Keeping Family Traditions Alive in the Age of COVID


Jayme Feagin

Keeping COVID Spirits Bright: Junior Wire staffer Caroline Feagin and her mother sought to keep traditions alive and took in a drive-in, big screen version of “The Nutcracker” at the Cobb Energy Performing Arts Center. Consistent with 2020, some climatic circumstances intervened and Feagin and her mom didn’t get the experience they were looking for.

      When I was 5, my mom took me to see “The Nutcracker” at the Fox Theatre. Much to our surprise, this would become a family tradition. Ever since that fateful day in 2009, we have gone to see the show together, save 2013 when travel and illness kept us from going. However, the spread of COVID-19 in the US and the sudden surge in cases has caused a slight rift in these plans. With live shows being cancelled left and right it seemed impossible for us to attend this year, which greatly upset my mother, who wanted to keep the tradition alive. That’s when we learned that there was already a plan being set up for people who wanted to see “The Nutcracker this year.

          Instead of going to the Fox Theater, the Atlanta Ballet decided to host a drive-in movie experience at the Cobb Energy Performing Arts Center, where the recorded footage of the ballet could be seen by everyone from the safety of their own cars. Naturally, my mother was excited and bought us front row tickets for December 4th on the day they were released. The date arrived sooner than expected, and we rushed to our parking space, my mom chattering excitedly about how happy she was to be able to spend this time together again.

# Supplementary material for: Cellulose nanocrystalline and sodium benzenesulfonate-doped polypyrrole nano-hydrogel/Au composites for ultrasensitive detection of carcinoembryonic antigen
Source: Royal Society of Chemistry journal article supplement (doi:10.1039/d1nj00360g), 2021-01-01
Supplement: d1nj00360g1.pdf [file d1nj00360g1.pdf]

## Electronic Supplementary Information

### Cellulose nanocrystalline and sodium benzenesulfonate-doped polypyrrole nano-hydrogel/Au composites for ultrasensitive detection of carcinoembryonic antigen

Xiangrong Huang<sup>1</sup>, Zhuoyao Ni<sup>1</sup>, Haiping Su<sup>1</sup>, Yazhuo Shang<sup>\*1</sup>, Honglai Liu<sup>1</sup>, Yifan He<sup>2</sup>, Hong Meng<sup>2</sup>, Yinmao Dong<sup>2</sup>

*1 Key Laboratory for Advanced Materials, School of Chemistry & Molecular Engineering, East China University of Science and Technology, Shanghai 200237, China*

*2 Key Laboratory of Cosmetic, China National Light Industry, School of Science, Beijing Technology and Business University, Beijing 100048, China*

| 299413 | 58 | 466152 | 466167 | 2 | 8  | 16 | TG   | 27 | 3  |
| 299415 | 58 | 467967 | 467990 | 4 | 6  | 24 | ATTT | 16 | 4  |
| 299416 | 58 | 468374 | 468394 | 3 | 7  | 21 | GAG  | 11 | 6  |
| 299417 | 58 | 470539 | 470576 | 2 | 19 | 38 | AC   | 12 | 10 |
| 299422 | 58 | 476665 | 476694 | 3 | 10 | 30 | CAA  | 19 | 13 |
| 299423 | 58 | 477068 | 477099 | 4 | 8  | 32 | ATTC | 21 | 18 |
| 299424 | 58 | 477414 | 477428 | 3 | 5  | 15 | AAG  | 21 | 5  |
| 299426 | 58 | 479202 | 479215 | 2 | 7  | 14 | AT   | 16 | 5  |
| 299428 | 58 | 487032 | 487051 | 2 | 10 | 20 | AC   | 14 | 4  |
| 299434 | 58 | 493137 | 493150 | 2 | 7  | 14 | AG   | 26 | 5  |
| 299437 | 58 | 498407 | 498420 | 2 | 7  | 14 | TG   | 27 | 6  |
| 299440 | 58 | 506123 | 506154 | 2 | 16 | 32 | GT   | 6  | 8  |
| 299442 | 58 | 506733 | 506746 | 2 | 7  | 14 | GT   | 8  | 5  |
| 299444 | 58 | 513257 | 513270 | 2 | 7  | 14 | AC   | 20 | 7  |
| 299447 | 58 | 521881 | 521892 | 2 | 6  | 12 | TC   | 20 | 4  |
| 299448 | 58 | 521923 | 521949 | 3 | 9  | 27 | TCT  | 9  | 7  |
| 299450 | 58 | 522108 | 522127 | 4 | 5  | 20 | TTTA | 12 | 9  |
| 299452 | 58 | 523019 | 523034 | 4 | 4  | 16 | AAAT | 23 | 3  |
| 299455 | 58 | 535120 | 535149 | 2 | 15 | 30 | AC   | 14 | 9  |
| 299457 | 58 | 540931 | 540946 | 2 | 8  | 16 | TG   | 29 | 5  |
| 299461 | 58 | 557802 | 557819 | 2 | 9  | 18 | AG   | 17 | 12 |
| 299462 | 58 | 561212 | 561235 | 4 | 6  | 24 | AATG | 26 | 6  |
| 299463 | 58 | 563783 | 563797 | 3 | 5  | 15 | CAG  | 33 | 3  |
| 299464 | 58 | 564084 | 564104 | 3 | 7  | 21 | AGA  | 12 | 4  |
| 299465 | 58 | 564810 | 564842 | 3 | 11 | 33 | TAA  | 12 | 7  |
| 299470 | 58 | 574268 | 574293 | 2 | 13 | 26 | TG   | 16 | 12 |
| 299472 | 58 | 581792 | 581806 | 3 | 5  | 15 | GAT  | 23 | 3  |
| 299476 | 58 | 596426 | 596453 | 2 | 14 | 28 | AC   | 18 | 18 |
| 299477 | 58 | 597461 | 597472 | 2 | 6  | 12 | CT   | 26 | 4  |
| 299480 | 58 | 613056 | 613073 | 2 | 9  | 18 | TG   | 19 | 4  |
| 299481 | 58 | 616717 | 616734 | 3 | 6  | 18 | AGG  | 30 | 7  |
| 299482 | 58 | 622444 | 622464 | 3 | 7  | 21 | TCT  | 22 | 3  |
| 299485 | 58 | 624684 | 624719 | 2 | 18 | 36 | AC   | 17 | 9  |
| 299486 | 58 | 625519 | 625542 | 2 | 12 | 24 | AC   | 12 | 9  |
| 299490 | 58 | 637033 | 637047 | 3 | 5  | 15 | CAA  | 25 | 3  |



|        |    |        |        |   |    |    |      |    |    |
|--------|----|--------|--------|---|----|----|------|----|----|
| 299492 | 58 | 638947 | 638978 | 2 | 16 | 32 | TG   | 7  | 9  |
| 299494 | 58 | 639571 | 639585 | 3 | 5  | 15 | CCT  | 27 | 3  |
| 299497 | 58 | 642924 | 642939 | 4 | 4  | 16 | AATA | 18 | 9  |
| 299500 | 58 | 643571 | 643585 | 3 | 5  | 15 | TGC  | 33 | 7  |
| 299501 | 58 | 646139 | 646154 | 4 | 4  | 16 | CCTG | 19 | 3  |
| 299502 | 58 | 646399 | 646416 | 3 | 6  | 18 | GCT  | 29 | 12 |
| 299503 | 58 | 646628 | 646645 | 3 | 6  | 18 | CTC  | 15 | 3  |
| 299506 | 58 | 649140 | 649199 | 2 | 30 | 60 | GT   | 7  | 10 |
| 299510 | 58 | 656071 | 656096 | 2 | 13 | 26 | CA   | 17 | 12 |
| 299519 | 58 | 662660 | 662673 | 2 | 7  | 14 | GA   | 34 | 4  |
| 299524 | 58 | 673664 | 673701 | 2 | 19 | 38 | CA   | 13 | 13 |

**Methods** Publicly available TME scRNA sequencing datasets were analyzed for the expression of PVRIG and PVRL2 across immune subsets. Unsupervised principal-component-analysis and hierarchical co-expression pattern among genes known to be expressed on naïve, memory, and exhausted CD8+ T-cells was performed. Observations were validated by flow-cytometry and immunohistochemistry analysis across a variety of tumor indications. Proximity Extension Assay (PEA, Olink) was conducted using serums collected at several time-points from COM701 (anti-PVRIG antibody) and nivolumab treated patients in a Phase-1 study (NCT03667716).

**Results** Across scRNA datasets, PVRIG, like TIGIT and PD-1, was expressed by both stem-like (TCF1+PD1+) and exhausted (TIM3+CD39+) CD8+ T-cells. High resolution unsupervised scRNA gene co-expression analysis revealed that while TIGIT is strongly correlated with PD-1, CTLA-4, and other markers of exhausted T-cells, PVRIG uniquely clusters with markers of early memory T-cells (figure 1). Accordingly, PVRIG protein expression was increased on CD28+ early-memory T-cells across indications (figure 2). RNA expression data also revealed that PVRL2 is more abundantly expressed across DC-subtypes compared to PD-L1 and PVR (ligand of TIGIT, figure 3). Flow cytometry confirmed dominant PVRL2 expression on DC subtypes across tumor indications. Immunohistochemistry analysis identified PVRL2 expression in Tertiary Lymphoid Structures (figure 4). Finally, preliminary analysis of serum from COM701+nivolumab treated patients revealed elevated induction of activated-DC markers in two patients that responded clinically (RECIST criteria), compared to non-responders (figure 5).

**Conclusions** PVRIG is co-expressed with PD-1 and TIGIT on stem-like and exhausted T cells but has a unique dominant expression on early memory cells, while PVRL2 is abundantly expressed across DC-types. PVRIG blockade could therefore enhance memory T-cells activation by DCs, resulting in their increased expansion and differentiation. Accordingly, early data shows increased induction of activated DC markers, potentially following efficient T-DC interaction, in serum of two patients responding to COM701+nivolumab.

As we were enjoying our hot chocolates and cookies we bought from the stands, an announcement came on: the screening had canceled because of high winds. Our “Plan B” had fallen through in the most 2020 way imaginable. 

       Every aspect of daily life has  been affected by COVID, including family traditions such as the 4th of July and Thanksgiving dinner. Families have been unable to spend as much time together, leaving many feeling lonely and disconnected. And as we enter into a holiday season that is typically full of social connection, this loss can feel acute. But, as I reminded my mother, the point of the family tradition was never about the experience of The Nutcracker itself; it was about spending time together as a family.

         It may not have been a perfect experience, but I enjoyed spending time with my mom outside of the house. Before we left the parking lot, I told her that we would have just as much fun sitting on the couch and watching Jumanji–a family favorite– as we would seeing The Nutcracker. I really hope that every family is able to spend time together, even if they aren’t able to maintain their strict family traditions. For me, the hot chocolate more than made up for the unexpected turn of events.